PHP 5 offers a completely different model of error checking than what’s available in PHP 4. It’s called exception handling. With exceptions, you’re freed from the necessity of checking the return value of every function. Instead, you can separate programming logic from error handling and place them in adjoining blocks of code.
Exceptions are commonly found in object-oriented languages such as Java and C++. When used judiciously, they streamline code, but when used willy-nilly, they create spaghetti code.
Chapter 7 covers exceptions.
Streams allow you to place a file interface on reading and writing data using protocol-specific objects known as wrappers. Streams also let you modify the data flowing through them by attaching filters.
First introduced in PHP 4.3, streams are an underutilized part of PHP. PHP 5 expands upon the existing streams infrastructure to allow more extensive wrappers, and to let you create filters directly in PHP instead of in C.
Chapter 8 demonstrates how to create a shared memory wrapper and two streams, one for encoding HTML entities and another for decoding them.
Chapter 9 covers three new pieces of PHP 5: SOAP, Tidy, and the Reflection classes.
SOAP is a key component of the fast-growing web services field. This extension lets developers create SOAP clients with or without a Web Services Description Language (WSDL) file, and also implement SOAP servers in PHP.
It is now simple and easy to create PHP class browsers, debuggers, and other tools that rely on gathering details about objects and functions.
It’s one thing to see each of the individual parts of PHP 5 in isolation; it’s another to see them in harmony. Chapter 10 provides you with a small address book application that combines the new PHP 5 features into a complete unit.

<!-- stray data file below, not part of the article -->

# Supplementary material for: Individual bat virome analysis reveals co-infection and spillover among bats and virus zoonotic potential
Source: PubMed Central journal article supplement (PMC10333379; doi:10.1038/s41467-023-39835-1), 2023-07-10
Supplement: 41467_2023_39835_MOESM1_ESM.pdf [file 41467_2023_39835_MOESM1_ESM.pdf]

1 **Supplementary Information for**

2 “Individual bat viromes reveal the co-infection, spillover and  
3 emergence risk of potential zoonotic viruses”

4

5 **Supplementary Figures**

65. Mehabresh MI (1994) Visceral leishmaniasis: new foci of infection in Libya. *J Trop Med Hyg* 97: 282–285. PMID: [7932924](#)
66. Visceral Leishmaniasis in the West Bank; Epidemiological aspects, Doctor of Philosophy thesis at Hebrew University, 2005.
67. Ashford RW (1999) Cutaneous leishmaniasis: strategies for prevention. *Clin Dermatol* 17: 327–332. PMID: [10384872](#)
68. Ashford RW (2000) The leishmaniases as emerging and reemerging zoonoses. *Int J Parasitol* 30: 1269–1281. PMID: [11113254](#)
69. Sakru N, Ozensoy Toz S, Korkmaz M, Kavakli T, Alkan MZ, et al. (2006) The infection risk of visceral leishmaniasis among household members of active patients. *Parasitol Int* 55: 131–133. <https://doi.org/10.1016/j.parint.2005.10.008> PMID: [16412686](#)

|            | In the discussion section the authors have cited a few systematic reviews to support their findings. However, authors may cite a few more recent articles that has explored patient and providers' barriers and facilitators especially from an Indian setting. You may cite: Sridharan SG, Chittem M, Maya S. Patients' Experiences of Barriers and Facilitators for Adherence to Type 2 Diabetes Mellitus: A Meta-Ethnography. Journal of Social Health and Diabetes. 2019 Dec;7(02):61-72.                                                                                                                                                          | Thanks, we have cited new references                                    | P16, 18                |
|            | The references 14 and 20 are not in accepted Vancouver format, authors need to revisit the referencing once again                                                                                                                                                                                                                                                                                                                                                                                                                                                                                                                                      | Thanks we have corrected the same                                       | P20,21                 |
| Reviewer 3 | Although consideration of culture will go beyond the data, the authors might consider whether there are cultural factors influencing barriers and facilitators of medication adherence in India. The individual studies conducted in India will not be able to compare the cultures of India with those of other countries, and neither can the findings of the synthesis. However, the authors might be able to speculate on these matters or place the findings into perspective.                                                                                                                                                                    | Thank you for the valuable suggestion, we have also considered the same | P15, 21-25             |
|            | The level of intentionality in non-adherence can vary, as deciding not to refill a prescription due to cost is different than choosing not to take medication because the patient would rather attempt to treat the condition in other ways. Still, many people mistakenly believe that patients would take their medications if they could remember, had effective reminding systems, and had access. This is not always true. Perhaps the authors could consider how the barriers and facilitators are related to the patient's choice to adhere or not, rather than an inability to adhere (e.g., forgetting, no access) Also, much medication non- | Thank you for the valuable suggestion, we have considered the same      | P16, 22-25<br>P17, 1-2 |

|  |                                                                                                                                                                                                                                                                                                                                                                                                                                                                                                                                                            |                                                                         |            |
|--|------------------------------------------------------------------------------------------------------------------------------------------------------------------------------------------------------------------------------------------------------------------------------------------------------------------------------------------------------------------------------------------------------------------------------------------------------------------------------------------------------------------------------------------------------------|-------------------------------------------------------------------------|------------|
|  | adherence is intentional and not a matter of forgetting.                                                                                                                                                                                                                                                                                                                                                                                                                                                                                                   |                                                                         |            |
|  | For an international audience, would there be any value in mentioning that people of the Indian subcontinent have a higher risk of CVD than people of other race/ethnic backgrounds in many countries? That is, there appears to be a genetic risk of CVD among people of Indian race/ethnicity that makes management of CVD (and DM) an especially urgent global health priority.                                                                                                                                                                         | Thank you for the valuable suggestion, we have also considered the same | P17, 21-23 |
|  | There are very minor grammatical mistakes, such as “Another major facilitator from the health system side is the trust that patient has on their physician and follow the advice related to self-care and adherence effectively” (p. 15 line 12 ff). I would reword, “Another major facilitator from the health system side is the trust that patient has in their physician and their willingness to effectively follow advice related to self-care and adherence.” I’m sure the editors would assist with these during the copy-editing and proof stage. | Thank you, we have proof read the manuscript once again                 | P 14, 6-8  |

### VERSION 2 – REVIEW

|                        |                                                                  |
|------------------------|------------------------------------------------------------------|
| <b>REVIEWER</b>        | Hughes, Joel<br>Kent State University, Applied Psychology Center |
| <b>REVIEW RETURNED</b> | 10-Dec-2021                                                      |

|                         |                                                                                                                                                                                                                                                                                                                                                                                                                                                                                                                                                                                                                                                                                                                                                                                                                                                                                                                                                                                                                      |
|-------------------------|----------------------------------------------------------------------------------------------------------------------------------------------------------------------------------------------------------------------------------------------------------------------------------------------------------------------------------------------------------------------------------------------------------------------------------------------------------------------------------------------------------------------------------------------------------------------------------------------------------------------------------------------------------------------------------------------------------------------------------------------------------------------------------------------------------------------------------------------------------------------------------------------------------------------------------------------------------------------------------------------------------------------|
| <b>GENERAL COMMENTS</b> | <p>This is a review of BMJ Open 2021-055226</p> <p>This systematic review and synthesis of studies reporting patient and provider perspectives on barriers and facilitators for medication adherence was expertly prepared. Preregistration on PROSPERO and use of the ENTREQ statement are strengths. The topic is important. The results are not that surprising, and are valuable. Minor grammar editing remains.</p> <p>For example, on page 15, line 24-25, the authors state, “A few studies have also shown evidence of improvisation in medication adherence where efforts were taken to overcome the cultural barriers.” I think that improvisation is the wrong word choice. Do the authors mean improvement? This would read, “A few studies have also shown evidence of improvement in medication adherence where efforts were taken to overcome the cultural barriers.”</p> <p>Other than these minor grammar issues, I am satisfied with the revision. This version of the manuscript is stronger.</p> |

This chapter pulls together the concepts introduced in the rest of the book and provides you with an example that shows exactly why application development in PHP 5 is so great. Even in a short program, you can take advantage of SQLite, DOM, SimpleXML, iterators, abstract classes, exceptions, and property overloading to create an application that’s flexible in many dimensions, yet easy to write and understand.
This address book lets you add contact information and search stored records using both a web and command-line interface. The output is completely separated from application logic, and the program uses a simple series of template classes to control its formatting.
PHP 5 is such a major update that it’s impossible to cover it completely in only 10 chapters. Additionally, some features are so minor, they’re only worth mentioning briefly.
Appendix B contains all the small changes and
fixes that aren’t mentioned in the chapters.
It’s definitely worth a read because, in many ways,
it’s easiest to be tripped up by minor changes. You
know you’re on new ground with the
mysqli extension, but, unless you read Appendix B, you probably would not know that you can
now pass optional parameters by reference, or that
strrpos( ) behaves slightly differently than before, or even that
the command-line version of PHP has the ability to execute code on
every line of input.